A grilled peach salsa with jalapeno and a hint of. . . what is that?
So my nephew (with whom I’m in a gentle competition in all things culinary) calls me last Sunday afternoon. He and his family were on their way back to Chicago from my home in Northville, a southwest burb of Detroit. Not two hours had passed from the time they left my house, when my nephew, being an outgoing, chatty-type of fellow gets on his cell to fill me in on the latest news from the road.
“You’ll never guess where we just stopped,” he begins.
“Zingerman’s in Ann Arbor?” I venture.
Zingerman’s, The Deli to end-all-discussion of deli, is a U-M institution, a gourmet food emporium that just so happens to sell fabulous sandwiches . . . like these.
(Muenster, jalapeno spread, tomato and avocado, my fav.)
Considering that I had just sent my family off with a lavish brunch - a meal that included some of Zingerman cheeses, a chocolate-studded sour dough bread and graham crackers the likes of gingersnap cookies - it seemed unlikely that they were all that hungry for corned beef on rye.
But clearly they had embarked on a mission to take home more Zinger-delectibles. Like these. . .
Walk into Zingerman’s, and it’s hard to resist: the selection of Bakehouse breads, the cheeses fresh from The "Z" Creamery, the imported olive oils and chocolates, the coffees and homemade gelati. Ask a Zingerman server (foodies stationed at every turn) and you shall receive all manners of samples, with detailed commentary of on the origin, nature and stature of ingredients.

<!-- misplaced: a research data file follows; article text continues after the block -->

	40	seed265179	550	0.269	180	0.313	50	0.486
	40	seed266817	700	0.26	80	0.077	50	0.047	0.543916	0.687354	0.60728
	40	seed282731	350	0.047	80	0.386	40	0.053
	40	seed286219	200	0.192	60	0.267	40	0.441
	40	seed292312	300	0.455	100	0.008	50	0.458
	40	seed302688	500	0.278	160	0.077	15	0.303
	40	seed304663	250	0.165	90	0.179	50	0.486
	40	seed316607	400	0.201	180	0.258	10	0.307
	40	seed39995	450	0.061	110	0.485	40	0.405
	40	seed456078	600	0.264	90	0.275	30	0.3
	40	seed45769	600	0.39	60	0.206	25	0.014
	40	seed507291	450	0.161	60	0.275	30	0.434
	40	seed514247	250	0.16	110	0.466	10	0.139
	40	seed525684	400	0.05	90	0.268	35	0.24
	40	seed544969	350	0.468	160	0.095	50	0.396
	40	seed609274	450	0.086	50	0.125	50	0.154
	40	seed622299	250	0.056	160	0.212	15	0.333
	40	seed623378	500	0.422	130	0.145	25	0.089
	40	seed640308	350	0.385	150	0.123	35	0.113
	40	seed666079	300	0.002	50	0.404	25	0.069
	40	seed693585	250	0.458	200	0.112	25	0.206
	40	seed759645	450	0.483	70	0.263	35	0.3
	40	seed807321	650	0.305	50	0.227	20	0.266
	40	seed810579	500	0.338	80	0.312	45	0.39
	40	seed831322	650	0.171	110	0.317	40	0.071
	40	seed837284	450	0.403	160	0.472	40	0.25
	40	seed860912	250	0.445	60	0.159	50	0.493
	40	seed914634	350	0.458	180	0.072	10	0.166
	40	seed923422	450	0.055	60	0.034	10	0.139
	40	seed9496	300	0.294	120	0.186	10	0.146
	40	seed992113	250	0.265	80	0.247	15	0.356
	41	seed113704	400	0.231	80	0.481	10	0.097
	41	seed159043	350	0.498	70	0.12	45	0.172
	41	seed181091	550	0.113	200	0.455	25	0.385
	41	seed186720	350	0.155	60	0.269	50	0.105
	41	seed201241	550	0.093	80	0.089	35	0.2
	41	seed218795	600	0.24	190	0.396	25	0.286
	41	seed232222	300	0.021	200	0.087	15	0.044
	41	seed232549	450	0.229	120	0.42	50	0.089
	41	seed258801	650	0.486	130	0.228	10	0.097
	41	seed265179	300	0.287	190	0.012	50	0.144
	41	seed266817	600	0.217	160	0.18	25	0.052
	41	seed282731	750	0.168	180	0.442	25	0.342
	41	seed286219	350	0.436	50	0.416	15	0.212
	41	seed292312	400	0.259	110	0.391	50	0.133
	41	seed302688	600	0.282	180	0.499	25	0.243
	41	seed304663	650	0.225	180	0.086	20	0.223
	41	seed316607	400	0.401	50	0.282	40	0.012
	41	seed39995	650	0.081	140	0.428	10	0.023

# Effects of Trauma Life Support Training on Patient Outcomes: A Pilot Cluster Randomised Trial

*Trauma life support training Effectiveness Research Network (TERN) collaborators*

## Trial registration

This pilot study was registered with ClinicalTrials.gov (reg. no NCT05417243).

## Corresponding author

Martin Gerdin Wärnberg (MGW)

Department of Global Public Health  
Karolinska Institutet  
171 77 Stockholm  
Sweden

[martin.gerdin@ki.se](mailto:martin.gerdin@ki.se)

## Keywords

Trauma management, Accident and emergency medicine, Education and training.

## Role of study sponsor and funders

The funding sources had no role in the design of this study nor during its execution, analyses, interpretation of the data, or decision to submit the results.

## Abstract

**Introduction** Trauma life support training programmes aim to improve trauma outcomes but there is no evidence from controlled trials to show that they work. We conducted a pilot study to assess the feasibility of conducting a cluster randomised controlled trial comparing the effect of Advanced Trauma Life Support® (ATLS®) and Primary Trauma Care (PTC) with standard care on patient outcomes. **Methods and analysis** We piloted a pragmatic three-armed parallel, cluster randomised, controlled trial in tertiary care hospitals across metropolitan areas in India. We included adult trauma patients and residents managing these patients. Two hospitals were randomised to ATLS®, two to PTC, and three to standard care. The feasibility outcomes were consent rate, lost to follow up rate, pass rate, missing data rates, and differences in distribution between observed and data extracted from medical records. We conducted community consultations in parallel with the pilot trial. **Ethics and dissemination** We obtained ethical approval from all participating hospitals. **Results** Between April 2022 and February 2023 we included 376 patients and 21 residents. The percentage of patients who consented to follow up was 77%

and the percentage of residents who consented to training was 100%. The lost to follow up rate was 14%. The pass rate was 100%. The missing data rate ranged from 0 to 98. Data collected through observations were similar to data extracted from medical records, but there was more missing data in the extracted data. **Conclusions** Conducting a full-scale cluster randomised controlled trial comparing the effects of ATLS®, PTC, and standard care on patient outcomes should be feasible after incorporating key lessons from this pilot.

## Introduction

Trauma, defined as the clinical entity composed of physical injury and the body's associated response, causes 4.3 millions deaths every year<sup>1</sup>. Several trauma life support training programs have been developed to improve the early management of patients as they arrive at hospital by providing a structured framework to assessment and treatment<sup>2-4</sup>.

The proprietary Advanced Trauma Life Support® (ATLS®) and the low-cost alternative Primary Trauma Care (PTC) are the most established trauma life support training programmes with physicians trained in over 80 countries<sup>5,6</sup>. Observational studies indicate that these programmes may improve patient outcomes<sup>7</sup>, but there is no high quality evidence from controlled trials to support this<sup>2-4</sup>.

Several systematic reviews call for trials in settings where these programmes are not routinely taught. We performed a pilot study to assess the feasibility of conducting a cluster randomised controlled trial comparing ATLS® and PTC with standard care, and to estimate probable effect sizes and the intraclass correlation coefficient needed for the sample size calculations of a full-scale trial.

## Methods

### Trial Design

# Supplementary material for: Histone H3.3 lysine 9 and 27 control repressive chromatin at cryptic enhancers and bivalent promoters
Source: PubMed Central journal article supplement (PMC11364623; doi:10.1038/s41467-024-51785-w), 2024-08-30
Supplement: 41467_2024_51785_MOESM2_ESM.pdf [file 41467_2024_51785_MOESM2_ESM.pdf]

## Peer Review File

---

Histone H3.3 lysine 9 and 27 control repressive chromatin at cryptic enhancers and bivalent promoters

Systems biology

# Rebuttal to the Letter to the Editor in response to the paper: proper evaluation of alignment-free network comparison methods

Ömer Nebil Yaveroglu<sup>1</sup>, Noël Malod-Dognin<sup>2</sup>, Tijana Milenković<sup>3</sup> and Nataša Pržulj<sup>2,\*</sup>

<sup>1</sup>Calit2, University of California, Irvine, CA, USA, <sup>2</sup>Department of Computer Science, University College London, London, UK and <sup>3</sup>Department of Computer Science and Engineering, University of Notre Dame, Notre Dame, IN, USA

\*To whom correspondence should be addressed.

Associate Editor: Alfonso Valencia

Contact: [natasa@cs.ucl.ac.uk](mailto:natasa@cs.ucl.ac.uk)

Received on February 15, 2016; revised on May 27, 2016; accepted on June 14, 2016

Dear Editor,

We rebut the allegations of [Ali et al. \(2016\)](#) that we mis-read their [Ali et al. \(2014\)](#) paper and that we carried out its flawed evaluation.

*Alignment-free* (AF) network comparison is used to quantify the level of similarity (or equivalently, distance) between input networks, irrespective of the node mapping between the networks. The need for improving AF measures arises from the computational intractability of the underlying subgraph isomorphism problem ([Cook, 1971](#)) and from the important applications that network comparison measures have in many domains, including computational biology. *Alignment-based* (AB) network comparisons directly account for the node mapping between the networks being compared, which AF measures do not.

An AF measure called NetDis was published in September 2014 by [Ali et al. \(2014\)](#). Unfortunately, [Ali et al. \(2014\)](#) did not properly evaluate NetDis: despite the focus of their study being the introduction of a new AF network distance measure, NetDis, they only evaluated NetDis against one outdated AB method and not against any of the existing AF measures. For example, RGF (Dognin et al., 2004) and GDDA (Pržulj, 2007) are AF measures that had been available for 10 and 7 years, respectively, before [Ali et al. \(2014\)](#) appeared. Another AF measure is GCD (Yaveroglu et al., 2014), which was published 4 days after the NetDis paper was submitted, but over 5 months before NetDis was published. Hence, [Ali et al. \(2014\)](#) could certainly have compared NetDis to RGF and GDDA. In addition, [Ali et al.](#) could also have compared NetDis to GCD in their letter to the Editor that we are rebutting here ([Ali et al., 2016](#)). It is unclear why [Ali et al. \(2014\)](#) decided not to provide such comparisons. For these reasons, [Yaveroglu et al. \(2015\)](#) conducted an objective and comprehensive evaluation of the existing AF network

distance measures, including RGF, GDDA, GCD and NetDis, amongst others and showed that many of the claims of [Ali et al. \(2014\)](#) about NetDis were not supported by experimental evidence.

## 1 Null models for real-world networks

“We stopped at Zingerman's," my nephew tells me, "because we were out of fennel pollen.”
(That's fennel pollen. Not the seed. Not the powder. The pollen.)
“What a coincidence,” I respond. “I just picked up a bottle of fennel pollen myself last time I was in Zingerman’s. . . then put it back on the shelf when I checked the price. ($24.95)
Not to be out be outdone, my nephew announces in triumph that he’s just purchased five bottles of fennel pollen. One to replenish his supply. The other four for hostess gifts. In fact, he’s left one in Will-Call for me.
So! There I have it. Forty-five precious grams of wild Tuscan fennel pollen, “fairy dust for food lovers.” That subtle, yet sweet hint of licorice. A rarity indeed.
Picture, if you will, fennel growing wild, blooming in profusion under the Tuscan sun. Now imagine gathering those flowers and harvesting their teensy tiny specs of pollen by hand, packing them into designer tins or spice tubes, billing them as a “touch of Italy” to fetch a pretty price in food specialty shops. Places like Zingerman's.
Fennel pollen. You say you never heard of it. I first discovered it on the web a couple months ago when I received an email from Cleveland chef, author and blogger Michael Ruhlman, extolling the virtues of cooking with fennel and dill pollens on a social network shopping site called OpenSky.
“I consider very few ingredients secret,” Ruhlman writes, "but these have been game changers for years and are hard for most of us to find.”
Reading the description of fennel pollen - that sweet hint of licorice, more intense than anise -- I’m duly intrigued by the prospect of adding its “magical pop” of flavor to my food. But at $50 for two 1-oz tins? Seemed a bit steep. I toss the email.
But as the cosmos seemed to have it, the fennel pollen came to me. And so I’ll impart it secrets to you:
A dozen - or so - ways to use fennel pollen
Roll it into pasta
Mix it into risotto
Mix it with crushed rosemary, (or any fresh herbs) sea salt, black pepper and sprinkle on potatoes
Use as a seasoning rub on chicken, fish or vegetables
Mix it with olive oil to serve with a good crusty bread
Slice peaches. In a large bowl, coat peach slices with olive oil. Lightly grill peaches and char jalapeno pepper. Cut peaches into cube-size chunks for salsa. Remove seeds and vein from pepper. Finely chop the onion, jalapeno, garlic and cilantro. Add lime juice, vinegar and salt; toss well. And enjoy.
Got a secret ingredient? Tell us about it.
Savoring summer's end. Good to the last drop. . . of pollen.